The paroxysmal dyskinesias

Department of Neurology and Clinical Neurophysiology, Academic Medical Centre, University of Amsterdam, The Netherlands.
Practical Neurology 05/2009; 9(2):102-9. DOI: 10.1136/jnnp.2009.172213
Source: PubMed


The paroxysmal dyskinesias are a challenging group of movement disorders characterised by painless dystonic and/or choreiform movements. Lack of familiarity with their features and a normal neurological examination between attacks frequently cause diagnostic delays, or even the diagnosis of a non-organic disorder. They are classified by their mode of triggering, and also by the duration and frequency of attacks, effectiveness of medication, and any associated syndromes. Four subtypes are recognised: paroxysmal kinesigenic dyskinesia induced by sudden movement; paroxysmal non-kinesigenic dyskinesia precipitated by for instance alcohol or caffeine; paroxysmal exercise-induced dyskinesia triggered by longer lasting activity; and paroxysmal hypnogenic dyskinesia occurring during sleep. Here we will summarise the characteristics of the subtypes, discuss the differential diagnosis, genetic aspects and pathophysiology, and give practical advice on the diagnostic work-up and treatment.

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    • "Paroxysmal kinesigenic dyskinesia (PKD) is a rare disorder characterized by recurrent attacks of involuntary dystonia and/or chorea triggered by sudden movement. Most of the reported cases of PKD are familial and inherited in an autosomal dominant trait [1] [2]. In a number of PKD pedigrees, patients and/or family members report infantile convulsions that fit the description of benign familial infantile seizures (BFIS) [3]. "
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    ABSTRACT: Paroxysmal kinesigenic dyskinesia (PKD) is characterized by involuntary dystonia and/or chorea triggered by a sudden movement. Cases are usually familial with an autosomal dominant inheritance. Hypotheses regarding the pathogenesis of PKD focus on the controversy whether PKD has a cortical or non-cortical origin. A combined familial trait of PKD and benign familial infantile seizures has been reported as the infantile convulsions and paroxysmal choreoathetosis (ICCA) syndrome. Here, we report a family diagnosed with ICCA syndrome with an Arg217STOP mutation. The index patient showed interictal EEG focal changes compatible with paroxysmal dystonic movements of his contralateral leg. This might support cortical involvement in PKD.
    Parkinsonism & Related Disorders 03/2012; 18(5):645-8. DOI:10.1016/j.parkreldis.2012.03.006 · 3.97 Impact Factor
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    • "Most (40–70%) were familial cases in which PKC was transmitted in an autosomal dominant mode of inheritance with incomplete penetrance (Tomita et al. 1999; Valente et al. 2000). Males are affected more often than females, with an estimated ratio of 3–4:1 (Bhatia 1999). "
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    ABSTRACT: Paroxysmal kinesigenic choreoathetosis (PKC) is a paroxysmal movement disorder of unknown cause. Although the PKC-critical region (PKCCR) has been assigned to the pericentromeric region of chromosome 16 by several studies of families from various ethnic backgrounds, the causative gene has not yet been identified. In the present study, we performed linkage and haplotype analysis in four new families with PKC, as well as an intensive polymerase chain reaction (PCR) based mutation analysis in seven families for a total of 1,563 exons from 157 genes mapped around the PKCCR. Consequently, the linkage/haplotype analysis revealed that PKC was assigned to a 24-cM segment between D16S3131 and D16S408, the result confirming the previously defined PKCCR, but being unable to narrow it down. Although the mutation analysis of the 157 genes was unsuccessful at identifying any mutations that were shared by patients from the seven families, two nonsynonymous substitutions, i.e., 6186C>A in exon 3 of SCNN1G and 45842A>G in exon 29 of ITGAL, which were segregated with the disease in Families C and F, respectively, were not observed in more than 400 normal controls. Thus, one of the two genes, SCNN1G and ITGAL, could be causative for PKC, but we were not able to find any other mutations that explain the PKC phenotype.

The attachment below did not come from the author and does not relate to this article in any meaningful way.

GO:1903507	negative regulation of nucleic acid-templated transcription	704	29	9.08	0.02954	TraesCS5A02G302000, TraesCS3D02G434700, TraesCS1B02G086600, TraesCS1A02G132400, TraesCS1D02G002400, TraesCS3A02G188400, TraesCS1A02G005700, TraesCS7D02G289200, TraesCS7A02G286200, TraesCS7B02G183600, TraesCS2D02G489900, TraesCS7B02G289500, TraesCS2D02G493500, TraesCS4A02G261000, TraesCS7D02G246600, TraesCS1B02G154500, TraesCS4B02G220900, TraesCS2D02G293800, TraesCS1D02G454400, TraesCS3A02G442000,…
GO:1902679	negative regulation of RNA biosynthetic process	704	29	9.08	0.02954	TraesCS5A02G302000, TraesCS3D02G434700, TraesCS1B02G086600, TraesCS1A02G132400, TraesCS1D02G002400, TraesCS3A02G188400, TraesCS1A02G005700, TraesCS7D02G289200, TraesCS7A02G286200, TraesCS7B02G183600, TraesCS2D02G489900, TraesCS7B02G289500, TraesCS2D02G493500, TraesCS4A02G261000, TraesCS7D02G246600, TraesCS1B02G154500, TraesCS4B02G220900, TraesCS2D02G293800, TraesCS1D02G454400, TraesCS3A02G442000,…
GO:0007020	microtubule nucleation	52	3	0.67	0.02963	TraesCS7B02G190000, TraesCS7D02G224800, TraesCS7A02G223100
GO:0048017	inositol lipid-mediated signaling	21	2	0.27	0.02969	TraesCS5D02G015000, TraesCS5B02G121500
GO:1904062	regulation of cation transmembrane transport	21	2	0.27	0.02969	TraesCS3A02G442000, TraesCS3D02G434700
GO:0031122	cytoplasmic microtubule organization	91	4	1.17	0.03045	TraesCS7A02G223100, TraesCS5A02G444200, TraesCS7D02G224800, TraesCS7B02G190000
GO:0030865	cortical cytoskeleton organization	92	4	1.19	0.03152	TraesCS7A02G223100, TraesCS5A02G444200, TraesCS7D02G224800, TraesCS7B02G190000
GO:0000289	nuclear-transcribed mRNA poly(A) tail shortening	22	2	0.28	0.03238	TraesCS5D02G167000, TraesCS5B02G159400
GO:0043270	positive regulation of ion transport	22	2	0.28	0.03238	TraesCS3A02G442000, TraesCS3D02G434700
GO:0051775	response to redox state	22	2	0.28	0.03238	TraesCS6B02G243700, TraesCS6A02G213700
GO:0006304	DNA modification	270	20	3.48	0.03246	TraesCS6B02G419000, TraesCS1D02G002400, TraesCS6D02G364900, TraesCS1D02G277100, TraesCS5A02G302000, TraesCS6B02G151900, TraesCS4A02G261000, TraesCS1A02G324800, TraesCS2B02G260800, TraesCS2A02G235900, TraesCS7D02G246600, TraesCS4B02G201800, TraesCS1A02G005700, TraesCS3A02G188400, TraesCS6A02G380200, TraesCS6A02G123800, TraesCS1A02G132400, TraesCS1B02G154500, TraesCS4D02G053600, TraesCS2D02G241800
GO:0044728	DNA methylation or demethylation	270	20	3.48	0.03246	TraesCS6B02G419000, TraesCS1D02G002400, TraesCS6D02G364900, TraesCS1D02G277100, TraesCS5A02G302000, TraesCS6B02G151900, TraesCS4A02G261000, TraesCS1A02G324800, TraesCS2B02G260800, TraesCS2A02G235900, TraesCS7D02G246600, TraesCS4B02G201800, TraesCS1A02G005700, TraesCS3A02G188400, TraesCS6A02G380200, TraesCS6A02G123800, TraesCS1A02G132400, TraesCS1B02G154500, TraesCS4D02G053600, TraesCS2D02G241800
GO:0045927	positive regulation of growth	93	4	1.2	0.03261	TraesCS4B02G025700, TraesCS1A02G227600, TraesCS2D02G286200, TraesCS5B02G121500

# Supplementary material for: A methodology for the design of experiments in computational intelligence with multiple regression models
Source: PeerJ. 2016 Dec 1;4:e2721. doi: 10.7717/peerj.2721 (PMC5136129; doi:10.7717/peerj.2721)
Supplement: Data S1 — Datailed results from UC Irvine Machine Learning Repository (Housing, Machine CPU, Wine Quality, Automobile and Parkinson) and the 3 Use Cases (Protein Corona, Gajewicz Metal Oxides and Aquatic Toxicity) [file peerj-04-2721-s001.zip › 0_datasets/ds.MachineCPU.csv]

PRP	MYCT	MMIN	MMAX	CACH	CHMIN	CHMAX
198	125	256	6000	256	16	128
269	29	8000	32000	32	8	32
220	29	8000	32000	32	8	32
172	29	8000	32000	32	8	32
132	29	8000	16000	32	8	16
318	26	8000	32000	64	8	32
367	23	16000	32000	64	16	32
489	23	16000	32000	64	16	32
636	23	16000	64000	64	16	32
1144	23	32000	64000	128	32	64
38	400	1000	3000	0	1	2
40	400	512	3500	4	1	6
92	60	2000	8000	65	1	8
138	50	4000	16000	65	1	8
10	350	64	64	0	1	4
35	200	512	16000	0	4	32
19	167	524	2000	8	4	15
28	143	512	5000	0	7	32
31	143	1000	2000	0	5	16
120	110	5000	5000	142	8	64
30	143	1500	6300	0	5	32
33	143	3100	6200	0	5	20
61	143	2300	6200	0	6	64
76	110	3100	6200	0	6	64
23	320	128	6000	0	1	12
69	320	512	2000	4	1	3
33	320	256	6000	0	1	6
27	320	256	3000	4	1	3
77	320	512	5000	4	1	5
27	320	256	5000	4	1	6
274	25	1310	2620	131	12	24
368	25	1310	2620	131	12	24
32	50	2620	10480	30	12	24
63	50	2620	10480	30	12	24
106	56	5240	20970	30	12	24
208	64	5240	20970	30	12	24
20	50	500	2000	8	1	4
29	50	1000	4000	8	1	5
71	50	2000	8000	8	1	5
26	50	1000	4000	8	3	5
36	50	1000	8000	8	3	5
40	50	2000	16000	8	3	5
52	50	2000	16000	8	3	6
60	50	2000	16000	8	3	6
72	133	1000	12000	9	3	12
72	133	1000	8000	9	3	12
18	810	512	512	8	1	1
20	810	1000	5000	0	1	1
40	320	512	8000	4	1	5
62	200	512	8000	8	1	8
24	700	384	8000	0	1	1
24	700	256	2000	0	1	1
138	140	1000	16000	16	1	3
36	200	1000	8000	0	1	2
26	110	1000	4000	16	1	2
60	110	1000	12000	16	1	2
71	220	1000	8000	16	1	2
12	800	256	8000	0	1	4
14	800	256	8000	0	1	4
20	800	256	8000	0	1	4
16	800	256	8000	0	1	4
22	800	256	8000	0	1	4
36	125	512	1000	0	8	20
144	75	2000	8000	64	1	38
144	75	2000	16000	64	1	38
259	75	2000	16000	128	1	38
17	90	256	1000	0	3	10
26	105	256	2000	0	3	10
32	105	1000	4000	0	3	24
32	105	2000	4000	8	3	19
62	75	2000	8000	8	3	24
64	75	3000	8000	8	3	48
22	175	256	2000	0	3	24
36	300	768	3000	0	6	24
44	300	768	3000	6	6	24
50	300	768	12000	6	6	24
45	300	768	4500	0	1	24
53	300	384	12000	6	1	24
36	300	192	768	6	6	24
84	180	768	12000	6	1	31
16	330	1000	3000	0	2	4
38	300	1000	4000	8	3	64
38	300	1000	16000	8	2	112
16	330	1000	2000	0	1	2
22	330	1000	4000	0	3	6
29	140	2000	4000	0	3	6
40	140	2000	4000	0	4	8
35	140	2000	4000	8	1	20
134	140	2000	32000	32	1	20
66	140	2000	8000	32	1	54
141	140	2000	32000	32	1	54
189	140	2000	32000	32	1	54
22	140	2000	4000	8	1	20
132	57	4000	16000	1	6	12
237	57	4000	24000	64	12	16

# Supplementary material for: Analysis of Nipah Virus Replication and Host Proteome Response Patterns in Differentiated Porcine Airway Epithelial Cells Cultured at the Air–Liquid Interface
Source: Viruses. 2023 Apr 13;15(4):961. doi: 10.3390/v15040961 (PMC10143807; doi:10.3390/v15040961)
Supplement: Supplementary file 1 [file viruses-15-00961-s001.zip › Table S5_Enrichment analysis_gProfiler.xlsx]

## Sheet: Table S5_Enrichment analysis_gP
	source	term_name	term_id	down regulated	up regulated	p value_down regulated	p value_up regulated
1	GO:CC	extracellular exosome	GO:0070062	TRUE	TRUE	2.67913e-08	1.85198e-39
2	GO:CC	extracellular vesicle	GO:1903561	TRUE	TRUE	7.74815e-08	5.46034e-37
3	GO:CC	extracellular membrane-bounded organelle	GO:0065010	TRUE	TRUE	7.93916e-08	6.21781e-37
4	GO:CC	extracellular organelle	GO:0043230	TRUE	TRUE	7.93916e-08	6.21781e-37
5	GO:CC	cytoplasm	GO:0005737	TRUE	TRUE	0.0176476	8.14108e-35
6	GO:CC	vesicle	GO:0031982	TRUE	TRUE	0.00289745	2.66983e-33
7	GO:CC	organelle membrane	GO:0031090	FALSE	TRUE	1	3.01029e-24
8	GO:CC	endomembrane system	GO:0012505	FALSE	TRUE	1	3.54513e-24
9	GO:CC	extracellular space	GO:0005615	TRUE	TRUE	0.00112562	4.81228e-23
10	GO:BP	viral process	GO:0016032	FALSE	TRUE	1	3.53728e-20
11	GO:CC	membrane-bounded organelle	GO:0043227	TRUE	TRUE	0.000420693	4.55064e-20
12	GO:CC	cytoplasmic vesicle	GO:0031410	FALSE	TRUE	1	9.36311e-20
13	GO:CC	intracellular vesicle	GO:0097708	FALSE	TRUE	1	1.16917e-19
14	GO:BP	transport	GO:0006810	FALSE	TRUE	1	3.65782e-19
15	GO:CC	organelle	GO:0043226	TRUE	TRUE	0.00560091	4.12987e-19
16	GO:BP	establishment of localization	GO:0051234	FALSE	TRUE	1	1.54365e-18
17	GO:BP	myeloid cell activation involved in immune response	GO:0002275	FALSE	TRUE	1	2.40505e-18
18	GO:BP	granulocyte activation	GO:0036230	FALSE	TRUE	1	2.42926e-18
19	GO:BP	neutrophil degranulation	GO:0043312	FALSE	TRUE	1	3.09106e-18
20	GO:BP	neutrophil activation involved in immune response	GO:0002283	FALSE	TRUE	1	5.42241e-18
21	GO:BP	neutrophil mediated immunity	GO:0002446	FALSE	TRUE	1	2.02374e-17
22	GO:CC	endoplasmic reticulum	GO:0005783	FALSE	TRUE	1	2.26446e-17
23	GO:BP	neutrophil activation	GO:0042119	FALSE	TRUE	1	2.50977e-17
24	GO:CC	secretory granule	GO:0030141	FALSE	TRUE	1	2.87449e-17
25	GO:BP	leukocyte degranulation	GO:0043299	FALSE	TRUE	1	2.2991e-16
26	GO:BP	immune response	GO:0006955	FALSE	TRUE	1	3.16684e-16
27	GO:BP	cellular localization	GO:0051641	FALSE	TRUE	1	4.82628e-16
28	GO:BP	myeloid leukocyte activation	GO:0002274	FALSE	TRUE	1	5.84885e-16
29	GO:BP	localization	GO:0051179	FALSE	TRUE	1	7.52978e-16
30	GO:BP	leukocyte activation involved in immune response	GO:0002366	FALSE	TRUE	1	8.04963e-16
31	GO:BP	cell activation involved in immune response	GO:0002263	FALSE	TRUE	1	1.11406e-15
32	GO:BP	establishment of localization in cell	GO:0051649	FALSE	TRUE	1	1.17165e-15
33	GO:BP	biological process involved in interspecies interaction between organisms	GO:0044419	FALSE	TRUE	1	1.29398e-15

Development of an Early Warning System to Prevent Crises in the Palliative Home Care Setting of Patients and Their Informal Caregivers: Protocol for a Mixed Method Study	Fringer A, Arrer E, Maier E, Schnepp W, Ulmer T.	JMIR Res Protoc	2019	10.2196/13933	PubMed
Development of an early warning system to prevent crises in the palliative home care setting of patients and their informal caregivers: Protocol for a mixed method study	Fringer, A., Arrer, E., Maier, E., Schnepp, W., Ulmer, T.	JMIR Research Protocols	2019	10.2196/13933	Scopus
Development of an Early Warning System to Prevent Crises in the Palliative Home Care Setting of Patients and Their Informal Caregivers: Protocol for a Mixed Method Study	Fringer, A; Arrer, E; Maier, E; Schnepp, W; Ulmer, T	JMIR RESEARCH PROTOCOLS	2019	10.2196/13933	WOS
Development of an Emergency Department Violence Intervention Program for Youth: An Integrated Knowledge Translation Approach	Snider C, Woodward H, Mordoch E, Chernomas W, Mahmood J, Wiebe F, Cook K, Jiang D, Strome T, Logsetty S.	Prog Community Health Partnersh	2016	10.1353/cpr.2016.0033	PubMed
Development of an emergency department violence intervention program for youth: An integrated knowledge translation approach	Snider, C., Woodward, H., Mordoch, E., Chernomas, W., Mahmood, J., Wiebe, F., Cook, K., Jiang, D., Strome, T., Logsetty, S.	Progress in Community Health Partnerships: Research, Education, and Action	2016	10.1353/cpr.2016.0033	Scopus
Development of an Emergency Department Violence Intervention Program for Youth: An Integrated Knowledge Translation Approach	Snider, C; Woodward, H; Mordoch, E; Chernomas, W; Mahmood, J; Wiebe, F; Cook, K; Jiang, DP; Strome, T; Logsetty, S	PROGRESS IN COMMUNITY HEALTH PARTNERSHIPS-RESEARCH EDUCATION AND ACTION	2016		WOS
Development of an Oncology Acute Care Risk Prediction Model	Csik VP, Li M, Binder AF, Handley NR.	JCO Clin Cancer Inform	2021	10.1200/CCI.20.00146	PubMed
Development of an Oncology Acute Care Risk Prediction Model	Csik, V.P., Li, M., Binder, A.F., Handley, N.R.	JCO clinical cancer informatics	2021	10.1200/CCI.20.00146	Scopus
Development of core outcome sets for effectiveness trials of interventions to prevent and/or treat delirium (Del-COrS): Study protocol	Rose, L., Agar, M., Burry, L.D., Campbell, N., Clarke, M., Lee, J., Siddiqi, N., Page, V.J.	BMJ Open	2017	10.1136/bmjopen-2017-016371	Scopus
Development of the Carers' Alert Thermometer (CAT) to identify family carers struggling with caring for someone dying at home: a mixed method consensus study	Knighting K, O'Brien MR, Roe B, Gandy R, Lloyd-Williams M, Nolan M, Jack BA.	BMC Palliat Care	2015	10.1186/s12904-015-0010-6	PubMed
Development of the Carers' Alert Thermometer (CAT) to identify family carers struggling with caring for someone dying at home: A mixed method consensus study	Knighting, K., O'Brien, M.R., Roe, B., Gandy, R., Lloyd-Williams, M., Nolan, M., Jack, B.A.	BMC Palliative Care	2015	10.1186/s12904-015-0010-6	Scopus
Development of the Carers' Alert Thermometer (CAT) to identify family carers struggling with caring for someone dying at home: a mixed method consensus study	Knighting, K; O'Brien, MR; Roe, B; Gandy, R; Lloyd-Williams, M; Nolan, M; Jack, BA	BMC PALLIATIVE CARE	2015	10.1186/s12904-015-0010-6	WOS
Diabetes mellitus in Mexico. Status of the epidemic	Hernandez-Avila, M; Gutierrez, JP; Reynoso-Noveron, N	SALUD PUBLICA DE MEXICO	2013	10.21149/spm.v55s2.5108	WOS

Journal of Human Genetics 02/2007; 52(4):334-41. DOI:10.1007/s10038-007-0116-7 · 2.46 Impact Factor
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    • "Treatment In contrast to PKND, PKD respond excellent to anticonvulsant treatment [Mink, 2007; Jankovic and Demirkiran, 2002; Bhatia, 1999]. Carbamazepine is reported to be effective in the majority of patients [Demirkiran and Jankovic, 1995]. "
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    ABSTRACT: Paroxysmal dyskinesias are a rare group of hyperkinetic movement disorders mainly characterized by their episodic nature. Neurological examination may be entirely normal between attacks. Three main types of paroxysmal dyskinesias can be distinguished based upon their precipitating events – (i) paroxysmal non-kinesiogenic dyskinesias (PNKD), (ii) paroxysmal kinesiogenic dyskinesias (PKD) and (iii) paroxysmal exercise-induced (exertion- induced) dyskinesias (PED). All three have to be clearly differentiated from non-epileptic psychogenic, non-epileptic organic and epileptic attack disorders. We describe a woman who suffered from paroxysmal kinesiogenic dyskinesia and elucidate the clinical characteristics and differential diagnosis of these paroxysmal disorders.
    Zeitschrift für Epileptologie 01/2007; 20(3). DOI:10.1007/s10309-007-0262-0
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